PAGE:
Resources, Teaching Resources Essay

Confucianism: Understanding and Applying the Analects of Confucius

Examination of the world’s most influential scholars and philosophers helps students to understand the values, ethics, and lessons considered important at given times throughout history. The understanding of these elements also helps students realize how the legacy of these scholars and philosophers continues to impact and influence modern society. Any study of the world’s most influential and important philosophers includes Confucius. While his ideas resonate throughout all aspects of life ...

Columns, Resources

The Real North Korea: Four North Korea Documentaries

What we rarely see in any of the common media representations are images of the everyday lives of ordinary North Koreans. In the last two or three years, a few television and feature filmmakers have tried to document real life in this isolated and carefully controlled society. In late 2006, for example, Diane Sawyer (who happened to be in North Korea at the time of the October 9, nuclear test) gave a wide-eyed-American-girl-in-Pyongyang report for ABC television, with mixed results. Three of the...

Columns, Resources

China’s History and World History: Bridging World History

CHINA’S PLACE IN WORLD HISTORY IS UNQUESTIONABLY AN IMPORTANT ONE.1 As Richard von Glahn has aptly described it, “China looms over world history like the proverbial eight-hundredpound gorilla.” But its place, however weighty, is not unproblematic. In most world history textbooks, China stands out from other parts of the world in comparison to Europe.2 The longevity and sophistication of Chinese civilization make it the equal or better of Europe in implicit competition for first place among...

Columns, Resources

They Chose China

WHY WOULD AN AMERICAN PRISONER OF WAR (POW) CHOOSE TO SWITCH SIDES IN WARTIME? What factors would explain such a decision? In his recently released film, director Shuibo Wang attempts to answer these and many other questions. In his thought-provoking documentary, They Chose China, Wang forces the film’s viewers to take a long, hard look at their own biases and assumptions regarding the Cold War, American society, and the United Nations’ “police action” in Korea. The film highlights the a...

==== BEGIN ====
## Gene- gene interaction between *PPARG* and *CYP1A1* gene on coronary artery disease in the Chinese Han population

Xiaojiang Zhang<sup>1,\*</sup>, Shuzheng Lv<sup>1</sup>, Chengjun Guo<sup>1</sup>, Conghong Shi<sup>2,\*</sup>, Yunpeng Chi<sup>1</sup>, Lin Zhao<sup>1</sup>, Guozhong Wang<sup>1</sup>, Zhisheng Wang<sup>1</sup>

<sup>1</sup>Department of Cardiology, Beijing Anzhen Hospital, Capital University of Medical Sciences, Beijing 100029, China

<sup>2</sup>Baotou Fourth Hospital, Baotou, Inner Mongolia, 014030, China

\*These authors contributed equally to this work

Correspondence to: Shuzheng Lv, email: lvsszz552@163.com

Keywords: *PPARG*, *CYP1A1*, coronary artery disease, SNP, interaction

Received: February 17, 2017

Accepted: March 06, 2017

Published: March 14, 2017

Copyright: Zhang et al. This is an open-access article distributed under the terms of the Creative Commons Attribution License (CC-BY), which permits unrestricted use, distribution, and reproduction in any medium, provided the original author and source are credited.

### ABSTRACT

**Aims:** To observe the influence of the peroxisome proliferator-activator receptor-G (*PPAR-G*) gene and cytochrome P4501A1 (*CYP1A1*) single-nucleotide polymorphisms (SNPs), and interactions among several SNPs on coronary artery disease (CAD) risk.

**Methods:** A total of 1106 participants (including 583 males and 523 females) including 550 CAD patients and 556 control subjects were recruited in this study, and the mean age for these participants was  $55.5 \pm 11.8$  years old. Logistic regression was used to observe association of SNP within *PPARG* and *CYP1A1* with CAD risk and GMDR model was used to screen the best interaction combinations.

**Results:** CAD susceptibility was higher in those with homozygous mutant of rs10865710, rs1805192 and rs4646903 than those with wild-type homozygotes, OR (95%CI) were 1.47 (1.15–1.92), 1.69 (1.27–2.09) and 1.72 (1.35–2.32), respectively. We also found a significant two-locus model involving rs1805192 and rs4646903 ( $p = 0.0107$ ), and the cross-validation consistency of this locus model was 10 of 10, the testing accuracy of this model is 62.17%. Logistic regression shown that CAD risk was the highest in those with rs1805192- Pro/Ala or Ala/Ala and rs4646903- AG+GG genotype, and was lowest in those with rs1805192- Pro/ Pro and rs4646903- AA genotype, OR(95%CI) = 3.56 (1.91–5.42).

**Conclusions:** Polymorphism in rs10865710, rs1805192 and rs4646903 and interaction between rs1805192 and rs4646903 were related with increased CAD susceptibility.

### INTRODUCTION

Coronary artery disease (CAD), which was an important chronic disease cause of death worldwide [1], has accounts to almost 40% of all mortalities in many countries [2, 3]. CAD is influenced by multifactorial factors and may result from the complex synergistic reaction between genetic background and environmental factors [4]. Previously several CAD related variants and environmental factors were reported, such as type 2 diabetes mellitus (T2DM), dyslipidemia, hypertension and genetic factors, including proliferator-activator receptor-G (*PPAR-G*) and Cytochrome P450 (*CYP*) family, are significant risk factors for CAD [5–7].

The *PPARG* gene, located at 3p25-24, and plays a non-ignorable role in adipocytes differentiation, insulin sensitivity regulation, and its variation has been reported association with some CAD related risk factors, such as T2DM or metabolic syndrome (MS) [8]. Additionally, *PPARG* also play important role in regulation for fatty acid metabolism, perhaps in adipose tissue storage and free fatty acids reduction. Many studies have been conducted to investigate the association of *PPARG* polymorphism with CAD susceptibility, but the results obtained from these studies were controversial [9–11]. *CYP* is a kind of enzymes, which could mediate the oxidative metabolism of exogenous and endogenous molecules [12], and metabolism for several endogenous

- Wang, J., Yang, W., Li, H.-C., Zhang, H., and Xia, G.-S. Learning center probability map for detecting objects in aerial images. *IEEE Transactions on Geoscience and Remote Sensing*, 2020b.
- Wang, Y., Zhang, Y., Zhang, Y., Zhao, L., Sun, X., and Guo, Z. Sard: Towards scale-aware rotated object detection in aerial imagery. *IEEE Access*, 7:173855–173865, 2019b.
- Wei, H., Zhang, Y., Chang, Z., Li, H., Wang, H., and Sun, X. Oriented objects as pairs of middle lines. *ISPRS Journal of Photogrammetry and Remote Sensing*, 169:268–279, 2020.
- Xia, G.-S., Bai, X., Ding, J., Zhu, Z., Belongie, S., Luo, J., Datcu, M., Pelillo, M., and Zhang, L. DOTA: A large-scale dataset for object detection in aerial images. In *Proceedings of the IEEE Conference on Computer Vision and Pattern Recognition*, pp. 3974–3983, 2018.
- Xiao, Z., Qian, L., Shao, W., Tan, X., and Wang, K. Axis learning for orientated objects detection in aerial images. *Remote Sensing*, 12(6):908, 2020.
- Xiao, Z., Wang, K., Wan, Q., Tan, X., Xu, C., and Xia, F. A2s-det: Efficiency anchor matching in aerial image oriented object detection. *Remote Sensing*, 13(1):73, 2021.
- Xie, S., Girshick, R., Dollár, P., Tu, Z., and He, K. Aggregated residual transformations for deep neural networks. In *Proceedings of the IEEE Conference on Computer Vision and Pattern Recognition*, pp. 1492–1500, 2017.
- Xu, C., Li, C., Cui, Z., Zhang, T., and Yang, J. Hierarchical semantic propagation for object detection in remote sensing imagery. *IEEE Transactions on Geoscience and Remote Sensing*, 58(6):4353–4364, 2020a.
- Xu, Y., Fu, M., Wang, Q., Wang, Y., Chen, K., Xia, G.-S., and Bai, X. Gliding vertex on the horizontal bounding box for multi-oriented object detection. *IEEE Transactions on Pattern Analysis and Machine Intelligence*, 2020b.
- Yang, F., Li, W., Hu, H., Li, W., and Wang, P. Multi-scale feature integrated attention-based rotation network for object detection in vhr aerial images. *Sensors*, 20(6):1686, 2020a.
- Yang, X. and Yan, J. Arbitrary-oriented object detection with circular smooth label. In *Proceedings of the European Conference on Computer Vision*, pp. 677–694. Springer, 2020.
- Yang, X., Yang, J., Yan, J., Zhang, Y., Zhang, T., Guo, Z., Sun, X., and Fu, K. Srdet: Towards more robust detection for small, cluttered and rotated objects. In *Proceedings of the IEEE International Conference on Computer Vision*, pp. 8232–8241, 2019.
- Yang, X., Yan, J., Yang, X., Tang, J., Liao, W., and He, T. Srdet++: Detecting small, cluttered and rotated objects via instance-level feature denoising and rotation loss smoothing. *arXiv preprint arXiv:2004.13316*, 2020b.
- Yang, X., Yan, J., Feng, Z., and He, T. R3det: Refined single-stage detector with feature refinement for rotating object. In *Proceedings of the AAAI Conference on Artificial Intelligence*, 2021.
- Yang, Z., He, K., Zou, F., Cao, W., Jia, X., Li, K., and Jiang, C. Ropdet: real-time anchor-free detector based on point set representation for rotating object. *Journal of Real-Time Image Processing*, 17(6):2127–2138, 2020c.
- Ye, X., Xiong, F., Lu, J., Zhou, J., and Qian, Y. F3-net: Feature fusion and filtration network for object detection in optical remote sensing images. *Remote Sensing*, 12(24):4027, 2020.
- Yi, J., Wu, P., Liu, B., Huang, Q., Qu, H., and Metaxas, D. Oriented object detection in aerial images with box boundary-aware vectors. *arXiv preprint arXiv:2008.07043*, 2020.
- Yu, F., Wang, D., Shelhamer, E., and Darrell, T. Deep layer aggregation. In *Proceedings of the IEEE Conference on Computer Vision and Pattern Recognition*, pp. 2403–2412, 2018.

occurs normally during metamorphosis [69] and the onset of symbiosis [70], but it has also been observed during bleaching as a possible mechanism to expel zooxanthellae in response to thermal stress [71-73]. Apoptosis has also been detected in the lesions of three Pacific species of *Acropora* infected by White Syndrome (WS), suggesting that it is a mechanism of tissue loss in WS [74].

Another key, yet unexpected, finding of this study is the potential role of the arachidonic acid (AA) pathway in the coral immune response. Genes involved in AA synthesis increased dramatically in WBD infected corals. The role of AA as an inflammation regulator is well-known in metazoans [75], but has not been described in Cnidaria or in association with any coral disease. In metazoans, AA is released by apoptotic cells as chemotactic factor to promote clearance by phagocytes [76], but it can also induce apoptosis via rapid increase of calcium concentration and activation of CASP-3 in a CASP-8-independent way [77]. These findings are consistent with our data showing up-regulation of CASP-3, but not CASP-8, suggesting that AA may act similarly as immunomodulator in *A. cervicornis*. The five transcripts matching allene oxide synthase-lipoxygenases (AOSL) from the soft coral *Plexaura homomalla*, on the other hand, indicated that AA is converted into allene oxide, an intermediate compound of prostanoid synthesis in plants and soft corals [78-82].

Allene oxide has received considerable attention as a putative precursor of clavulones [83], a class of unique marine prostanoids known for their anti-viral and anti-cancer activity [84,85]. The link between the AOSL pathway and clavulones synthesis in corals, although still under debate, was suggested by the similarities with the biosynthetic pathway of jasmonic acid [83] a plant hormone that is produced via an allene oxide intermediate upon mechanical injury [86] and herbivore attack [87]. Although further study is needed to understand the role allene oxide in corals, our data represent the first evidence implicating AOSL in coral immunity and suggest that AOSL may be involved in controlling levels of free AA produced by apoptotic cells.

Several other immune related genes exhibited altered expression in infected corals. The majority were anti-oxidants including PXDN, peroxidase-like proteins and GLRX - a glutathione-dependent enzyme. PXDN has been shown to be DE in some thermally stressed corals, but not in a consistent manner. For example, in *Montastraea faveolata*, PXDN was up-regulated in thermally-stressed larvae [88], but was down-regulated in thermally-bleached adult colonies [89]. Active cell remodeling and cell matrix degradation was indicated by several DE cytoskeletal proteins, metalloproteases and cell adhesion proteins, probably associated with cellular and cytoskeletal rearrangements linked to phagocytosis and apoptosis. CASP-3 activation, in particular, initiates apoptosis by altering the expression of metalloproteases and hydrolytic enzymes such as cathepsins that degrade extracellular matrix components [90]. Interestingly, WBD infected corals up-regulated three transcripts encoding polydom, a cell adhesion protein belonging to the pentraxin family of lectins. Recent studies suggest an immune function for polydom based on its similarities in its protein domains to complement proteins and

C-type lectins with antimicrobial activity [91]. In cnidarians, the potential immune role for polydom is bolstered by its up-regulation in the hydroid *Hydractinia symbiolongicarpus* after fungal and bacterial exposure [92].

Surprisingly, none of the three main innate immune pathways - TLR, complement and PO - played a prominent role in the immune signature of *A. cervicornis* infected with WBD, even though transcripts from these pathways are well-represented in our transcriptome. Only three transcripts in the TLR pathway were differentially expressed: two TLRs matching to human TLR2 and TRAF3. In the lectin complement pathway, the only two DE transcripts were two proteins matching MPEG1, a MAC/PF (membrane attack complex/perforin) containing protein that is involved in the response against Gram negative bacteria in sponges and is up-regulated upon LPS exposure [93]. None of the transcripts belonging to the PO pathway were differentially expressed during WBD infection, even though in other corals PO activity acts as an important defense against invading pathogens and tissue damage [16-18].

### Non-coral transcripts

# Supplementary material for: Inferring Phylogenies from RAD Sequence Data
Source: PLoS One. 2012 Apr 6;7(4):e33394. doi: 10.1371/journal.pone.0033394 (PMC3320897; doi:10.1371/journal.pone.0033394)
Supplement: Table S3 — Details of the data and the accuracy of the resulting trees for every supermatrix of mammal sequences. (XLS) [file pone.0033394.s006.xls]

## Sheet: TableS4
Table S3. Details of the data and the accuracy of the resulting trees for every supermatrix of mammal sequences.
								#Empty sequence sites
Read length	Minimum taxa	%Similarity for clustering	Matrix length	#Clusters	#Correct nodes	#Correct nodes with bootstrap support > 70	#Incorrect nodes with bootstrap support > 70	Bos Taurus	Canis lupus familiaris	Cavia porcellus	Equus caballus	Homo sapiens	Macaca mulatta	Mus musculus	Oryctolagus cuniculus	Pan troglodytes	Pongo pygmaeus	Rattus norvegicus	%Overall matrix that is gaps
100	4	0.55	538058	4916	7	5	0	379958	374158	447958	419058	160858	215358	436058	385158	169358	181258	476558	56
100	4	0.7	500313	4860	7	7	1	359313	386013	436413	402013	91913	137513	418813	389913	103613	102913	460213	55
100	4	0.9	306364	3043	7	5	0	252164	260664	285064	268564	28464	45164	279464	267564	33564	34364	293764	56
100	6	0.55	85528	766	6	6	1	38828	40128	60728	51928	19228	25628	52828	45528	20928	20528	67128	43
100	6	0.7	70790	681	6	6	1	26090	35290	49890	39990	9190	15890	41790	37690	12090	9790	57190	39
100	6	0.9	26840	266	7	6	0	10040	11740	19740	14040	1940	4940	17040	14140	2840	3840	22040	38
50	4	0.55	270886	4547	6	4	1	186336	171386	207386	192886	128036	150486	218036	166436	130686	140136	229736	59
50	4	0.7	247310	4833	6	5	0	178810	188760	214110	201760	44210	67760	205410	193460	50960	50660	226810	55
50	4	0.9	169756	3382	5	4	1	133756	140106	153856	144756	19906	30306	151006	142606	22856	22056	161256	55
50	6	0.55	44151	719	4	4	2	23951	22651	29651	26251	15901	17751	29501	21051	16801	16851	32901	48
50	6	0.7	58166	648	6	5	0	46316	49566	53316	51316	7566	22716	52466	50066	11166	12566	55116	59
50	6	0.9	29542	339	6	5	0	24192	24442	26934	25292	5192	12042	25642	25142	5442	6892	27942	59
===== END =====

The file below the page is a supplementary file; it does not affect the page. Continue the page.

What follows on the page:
Columns, Resources

Teaching Modern Japanese History with Animation: Satoshi Kon’s Millenium Actress

I n this essay, I will give suggesions on how anime can be used profitably in the classroom, with specific reference to Satoshi Kon’s Millennium Actress (Sennen joy†, 2001).1 This animated feature, which distinguished itself by sharing the Grand Prize at the 5th Japan Media Arts Festival held by Japan’s Agency of Cultural Affairs, is so replete with cultural and historical references that it lends itself well to any discussion of modern Japanese culture and history.2...

Columns, Resources

On the Road with the Red God Macchendranath

FILMMAKER KESANG TSETEN, A CITIZEN OF NEPAL, has created a magnificently choreographed depiction of a twelve-year Newari festival. The Newari are the indigenous group of the Kathmandu Valley. The festival is said to have been observed in the Kathmandu Valley for a millennium. During the festival, a chariot (ratha, a flat platform on four huge wheels) bearing the red god Macchendranath goes on the road between the towns of Bungamati (near Kathmandu) and Patan, with stops in between. This festival...

Columns, Resources

Online Music Resources for Teaching Silk Road History and Geography

Like a good story, music has the power to transport us to a different time and place. A music listening activity is a fun way to engage students in an exploration of geography and history, and fits especially well into a Silk Road unit emphasizing longdistance trade and cross-cultural interactions. Orienting students in Silk Road geography makes for a good starting point before embarking upon a journey through the vast, complex cultural and historical territory of the Silk Road. The Electronic ...